Conspiracy Theories and Theories of Conspiracy
February 24, 2023
Online Zoom presentation
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In recent years, there has been a surge of interest in the study of conspiracy theories, much of it driven by growing concerns about how the recent widespread acceptance of such ideas in the United States is undermining the foundation of our democratic governance. Whether it’s Pizzagate, QAnon, 5G, or vaccine microchips, just to name a few, there is a worry that such beliefs are not only irrational, but potentially dangerous.
However, this is hardly the first time that such ideas have gained salience in American politics. In fact, as Richard Hofstadter noted sixty years ago, American politics has always been home to a certain strain of “paranoid style” arguments. Similarly, the study of these conspiracy theories also has a long history as well, one that spans a wide array of disciplines and methodological approaches. For decades, historians, philosophers, political scientists, psychologists, anthropologists, and many others have wrestled with a series of fundamental and often intractable questions about the role conspiracy plays in our politics.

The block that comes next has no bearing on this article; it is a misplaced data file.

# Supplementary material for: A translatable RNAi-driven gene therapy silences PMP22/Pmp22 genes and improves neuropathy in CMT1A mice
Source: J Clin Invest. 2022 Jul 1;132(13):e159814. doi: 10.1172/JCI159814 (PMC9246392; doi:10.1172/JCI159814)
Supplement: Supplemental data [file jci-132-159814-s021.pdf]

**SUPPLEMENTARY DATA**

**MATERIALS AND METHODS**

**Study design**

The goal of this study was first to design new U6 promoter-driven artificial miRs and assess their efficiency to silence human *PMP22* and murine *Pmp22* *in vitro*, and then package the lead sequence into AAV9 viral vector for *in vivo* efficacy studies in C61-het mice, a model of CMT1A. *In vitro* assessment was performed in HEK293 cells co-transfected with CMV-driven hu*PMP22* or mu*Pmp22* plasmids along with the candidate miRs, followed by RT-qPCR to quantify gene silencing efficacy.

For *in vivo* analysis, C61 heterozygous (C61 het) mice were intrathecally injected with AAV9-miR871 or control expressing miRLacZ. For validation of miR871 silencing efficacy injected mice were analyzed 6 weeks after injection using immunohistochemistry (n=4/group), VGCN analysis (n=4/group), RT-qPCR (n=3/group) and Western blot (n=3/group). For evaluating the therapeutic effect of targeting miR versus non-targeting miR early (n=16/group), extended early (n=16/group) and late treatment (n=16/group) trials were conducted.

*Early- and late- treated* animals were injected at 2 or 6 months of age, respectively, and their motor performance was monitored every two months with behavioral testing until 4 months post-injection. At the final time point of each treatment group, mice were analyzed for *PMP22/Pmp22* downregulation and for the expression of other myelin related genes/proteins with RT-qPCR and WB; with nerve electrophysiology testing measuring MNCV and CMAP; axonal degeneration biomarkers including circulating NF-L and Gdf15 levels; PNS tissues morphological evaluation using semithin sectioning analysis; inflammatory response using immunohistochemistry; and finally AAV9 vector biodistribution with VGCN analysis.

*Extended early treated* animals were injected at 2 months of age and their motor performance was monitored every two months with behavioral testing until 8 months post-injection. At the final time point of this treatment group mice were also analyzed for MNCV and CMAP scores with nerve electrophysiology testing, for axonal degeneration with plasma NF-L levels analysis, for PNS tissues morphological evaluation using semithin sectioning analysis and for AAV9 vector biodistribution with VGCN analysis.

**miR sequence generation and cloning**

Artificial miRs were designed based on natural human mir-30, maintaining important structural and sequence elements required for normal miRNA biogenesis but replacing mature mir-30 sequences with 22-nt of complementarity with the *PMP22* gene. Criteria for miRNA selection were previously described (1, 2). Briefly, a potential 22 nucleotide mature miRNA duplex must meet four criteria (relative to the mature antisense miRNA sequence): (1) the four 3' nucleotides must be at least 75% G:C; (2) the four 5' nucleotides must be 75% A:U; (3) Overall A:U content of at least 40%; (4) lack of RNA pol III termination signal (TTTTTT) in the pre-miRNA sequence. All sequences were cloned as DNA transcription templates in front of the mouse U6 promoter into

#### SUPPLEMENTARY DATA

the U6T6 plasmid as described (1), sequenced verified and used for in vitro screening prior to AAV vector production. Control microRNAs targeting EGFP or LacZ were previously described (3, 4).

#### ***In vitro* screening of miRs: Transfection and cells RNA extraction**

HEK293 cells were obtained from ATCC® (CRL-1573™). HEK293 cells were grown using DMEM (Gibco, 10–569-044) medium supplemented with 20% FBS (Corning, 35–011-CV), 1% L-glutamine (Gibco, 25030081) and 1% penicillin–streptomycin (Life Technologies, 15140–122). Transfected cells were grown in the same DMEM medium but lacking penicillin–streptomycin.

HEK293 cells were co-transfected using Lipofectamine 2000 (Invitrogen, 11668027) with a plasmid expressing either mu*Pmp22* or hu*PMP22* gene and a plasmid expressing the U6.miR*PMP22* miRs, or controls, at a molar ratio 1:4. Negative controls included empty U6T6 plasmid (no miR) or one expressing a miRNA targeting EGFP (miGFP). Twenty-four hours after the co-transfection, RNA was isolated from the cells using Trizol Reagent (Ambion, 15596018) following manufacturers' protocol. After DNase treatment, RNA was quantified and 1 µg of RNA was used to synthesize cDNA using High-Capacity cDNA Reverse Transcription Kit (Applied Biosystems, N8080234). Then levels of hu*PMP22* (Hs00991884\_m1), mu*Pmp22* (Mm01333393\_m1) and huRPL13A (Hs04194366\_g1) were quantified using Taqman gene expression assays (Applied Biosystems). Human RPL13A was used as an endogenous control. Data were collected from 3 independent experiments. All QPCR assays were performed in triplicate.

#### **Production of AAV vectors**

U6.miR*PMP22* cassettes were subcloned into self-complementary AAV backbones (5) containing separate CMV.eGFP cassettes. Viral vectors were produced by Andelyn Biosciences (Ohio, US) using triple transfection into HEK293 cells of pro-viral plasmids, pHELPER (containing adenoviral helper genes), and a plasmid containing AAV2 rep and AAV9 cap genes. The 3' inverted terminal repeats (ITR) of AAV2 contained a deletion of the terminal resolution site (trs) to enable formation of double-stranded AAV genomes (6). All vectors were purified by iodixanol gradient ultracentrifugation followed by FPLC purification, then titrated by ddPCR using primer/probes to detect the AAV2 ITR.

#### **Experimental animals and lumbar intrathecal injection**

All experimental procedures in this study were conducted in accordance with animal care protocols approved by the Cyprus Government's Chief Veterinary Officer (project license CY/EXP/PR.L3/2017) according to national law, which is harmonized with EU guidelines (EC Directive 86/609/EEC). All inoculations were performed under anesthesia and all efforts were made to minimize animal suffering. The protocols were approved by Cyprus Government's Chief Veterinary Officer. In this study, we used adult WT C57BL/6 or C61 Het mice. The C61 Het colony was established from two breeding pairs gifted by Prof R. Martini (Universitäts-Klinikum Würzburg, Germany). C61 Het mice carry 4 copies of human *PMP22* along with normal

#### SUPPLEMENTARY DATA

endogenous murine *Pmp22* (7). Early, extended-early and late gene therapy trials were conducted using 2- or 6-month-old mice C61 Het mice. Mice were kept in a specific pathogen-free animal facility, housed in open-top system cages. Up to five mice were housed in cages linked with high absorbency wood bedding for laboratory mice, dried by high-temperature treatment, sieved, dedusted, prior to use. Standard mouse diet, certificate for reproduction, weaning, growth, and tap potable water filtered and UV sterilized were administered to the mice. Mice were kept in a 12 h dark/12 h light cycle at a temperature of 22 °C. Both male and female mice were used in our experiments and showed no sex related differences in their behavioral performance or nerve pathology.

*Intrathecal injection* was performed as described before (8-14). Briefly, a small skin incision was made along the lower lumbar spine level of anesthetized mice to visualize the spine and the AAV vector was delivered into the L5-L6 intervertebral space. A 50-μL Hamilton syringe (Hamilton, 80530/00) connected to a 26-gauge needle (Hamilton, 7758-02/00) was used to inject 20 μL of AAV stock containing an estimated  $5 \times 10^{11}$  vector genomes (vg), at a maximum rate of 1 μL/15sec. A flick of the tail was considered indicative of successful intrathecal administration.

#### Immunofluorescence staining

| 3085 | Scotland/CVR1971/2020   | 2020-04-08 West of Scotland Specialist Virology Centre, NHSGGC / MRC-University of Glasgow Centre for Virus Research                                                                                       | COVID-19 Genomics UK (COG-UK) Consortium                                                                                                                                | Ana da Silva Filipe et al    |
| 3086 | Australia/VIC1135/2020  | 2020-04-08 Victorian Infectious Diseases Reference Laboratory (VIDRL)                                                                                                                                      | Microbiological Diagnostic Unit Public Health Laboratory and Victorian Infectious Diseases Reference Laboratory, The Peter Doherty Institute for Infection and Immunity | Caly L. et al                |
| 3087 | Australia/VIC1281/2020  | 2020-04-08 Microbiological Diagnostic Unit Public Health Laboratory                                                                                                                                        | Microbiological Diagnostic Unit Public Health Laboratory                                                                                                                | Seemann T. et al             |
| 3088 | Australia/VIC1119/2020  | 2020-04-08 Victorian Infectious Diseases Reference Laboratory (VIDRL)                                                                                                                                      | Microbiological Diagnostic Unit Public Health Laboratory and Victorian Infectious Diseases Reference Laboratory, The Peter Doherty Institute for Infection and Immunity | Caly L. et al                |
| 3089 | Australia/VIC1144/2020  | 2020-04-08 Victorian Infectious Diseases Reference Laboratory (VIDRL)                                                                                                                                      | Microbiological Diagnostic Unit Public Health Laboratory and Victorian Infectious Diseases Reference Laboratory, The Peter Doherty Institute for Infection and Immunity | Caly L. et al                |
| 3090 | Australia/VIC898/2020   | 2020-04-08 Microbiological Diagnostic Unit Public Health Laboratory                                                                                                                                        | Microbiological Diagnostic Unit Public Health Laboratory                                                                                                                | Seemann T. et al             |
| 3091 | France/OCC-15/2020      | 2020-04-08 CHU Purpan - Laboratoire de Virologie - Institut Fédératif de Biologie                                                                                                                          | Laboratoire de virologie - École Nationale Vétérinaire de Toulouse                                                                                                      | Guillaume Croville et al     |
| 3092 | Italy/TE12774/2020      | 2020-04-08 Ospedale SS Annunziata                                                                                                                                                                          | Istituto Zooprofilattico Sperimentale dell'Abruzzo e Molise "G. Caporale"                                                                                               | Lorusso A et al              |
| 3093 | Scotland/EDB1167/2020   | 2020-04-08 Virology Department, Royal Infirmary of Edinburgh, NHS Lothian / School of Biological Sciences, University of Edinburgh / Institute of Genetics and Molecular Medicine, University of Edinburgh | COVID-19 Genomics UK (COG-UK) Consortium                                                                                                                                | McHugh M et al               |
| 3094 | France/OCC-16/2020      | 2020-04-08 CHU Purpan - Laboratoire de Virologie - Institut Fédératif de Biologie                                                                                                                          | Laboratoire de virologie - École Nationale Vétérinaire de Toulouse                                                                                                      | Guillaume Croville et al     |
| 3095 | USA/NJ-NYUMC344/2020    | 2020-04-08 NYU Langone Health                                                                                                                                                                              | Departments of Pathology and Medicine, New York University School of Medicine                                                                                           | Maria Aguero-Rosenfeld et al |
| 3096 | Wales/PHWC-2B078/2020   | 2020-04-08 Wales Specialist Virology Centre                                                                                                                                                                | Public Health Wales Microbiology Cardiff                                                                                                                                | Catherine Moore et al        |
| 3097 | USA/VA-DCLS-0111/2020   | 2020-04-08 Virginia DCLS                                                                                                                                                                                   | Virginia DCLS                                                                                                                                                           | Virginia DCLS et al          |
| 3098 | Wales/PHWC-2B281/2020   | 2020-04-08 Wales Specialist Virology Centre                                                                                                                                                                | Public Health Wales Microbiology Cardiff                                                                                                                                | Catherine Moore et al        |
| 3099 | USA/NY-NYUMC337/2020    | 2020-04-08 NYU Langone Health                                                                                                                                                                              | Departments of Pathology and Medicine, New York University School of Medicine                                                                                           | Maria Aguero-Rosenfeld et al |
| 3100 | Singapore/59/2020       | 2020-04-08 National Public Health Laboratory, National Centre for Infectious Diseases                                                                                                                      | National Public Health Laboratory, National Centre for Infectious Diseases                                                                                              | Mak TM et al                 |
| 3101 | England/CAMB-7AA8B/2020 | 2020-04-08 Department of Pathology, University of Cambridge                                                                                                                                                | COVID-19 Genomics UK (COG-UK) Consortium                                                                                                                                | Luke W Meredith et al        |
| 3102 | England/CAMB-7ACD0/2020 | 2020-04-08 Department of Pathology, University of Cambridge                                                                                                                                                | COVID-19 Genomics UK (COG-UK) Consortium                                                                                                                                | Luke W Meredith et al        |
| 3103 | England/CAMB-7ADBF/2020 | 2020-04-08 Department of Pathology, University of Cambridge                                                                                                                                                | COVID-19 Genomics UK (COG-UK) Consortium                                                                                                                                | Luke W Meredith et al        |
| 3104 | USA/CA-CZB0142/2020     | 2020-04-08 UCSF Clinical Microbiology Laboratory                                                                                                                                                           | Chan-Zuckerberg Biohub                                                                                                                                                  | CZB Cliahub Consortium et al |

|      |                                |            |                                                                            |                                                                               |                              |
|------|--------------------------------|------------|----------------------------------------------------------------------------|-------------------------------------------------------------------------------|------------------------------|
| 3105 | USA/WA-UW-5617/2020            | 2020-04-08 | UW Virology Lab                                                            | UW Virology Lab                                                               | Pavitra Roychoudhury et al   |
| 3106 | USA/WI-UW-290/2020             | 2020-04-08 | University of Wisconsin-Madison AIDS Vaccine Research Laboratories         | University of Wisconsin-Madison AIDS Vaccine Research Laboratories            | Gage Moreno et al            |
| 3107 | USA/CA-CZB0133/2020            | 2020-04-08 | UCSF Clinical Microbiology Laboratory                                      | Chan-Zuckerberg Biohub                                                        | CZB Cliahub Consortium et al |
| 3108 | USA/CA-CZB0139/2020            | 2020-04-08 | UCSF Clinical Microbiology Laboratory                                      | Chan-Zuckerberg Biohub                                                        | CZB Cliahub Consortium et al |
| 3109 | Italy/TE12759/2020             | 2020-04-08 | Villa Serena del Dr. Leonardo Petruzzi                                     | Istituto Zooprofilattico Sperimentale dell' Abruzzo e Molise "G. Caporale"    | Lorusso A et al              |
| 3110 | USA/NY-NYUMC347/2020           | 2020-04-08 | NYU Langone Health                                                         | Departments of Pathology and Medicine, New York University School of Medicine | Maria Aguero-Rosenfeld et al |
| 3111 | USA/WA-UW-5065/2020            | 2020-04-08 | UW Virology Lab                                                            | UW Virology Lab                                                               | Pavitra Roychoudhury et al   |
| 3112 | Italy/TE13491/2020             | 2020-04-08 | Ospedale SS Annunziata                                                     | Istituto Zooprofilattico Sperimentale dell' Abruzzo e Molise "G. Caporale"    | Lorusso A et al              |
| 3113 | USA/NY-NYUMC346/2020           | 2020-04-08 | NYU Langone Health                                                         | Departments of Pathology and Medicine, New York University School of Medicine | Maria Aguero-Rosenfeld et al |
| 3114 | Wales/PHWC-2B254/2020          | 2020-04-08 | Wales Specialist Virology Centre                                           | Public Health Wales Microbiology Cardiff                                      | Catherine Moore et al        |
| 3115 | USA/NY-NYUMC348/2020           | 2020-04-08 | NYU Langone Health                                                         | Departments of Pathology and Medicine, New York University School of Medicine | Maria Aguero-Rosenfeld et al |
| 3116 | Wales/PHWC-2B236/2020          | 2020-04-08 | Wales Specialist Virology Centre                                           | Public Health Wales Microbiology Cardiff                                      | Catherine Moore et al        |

Why do people believe in seemingly absurd conspiracy theories? Should we dismiss all conspiracy theories as unreasonable or irrational? What does it mean to label something a “conspiracy theory” in the first place? Is there a danger in the widespread acceptance of conspiracy theories? What about the danger in dismissing them? Previous generations of scholars and researchers found these questions to be more challenging than they may seem at first glance. By looking back to the past, perhaps we can glean some insight from their work that will help us make sense of our world today.
This presentation will be offered on Zoom only beginning at noon. You will receive the Zoom link the day before the event.
This event is free and open to the public.
Jamie McKown is the Wiggins Chair of Government and Polity and Associate Academic Dean at College of the Atlantic. He has been teaching and writing about conspiracy theories and their role in American political history for the past 20 years, dating back to his graduate student days. Prior to teaching at College of the Atlantic, Dr. McKown was a visiting professor at the College of Charleston in South Carolina. He also previously worked as a college debate coach as well as a political campaign adviser and consultant. He holds a BA in Political Science from Emory University, an MA in Political Communication from Georgia State, and a PhD in Rhetoric from Northwestern University.
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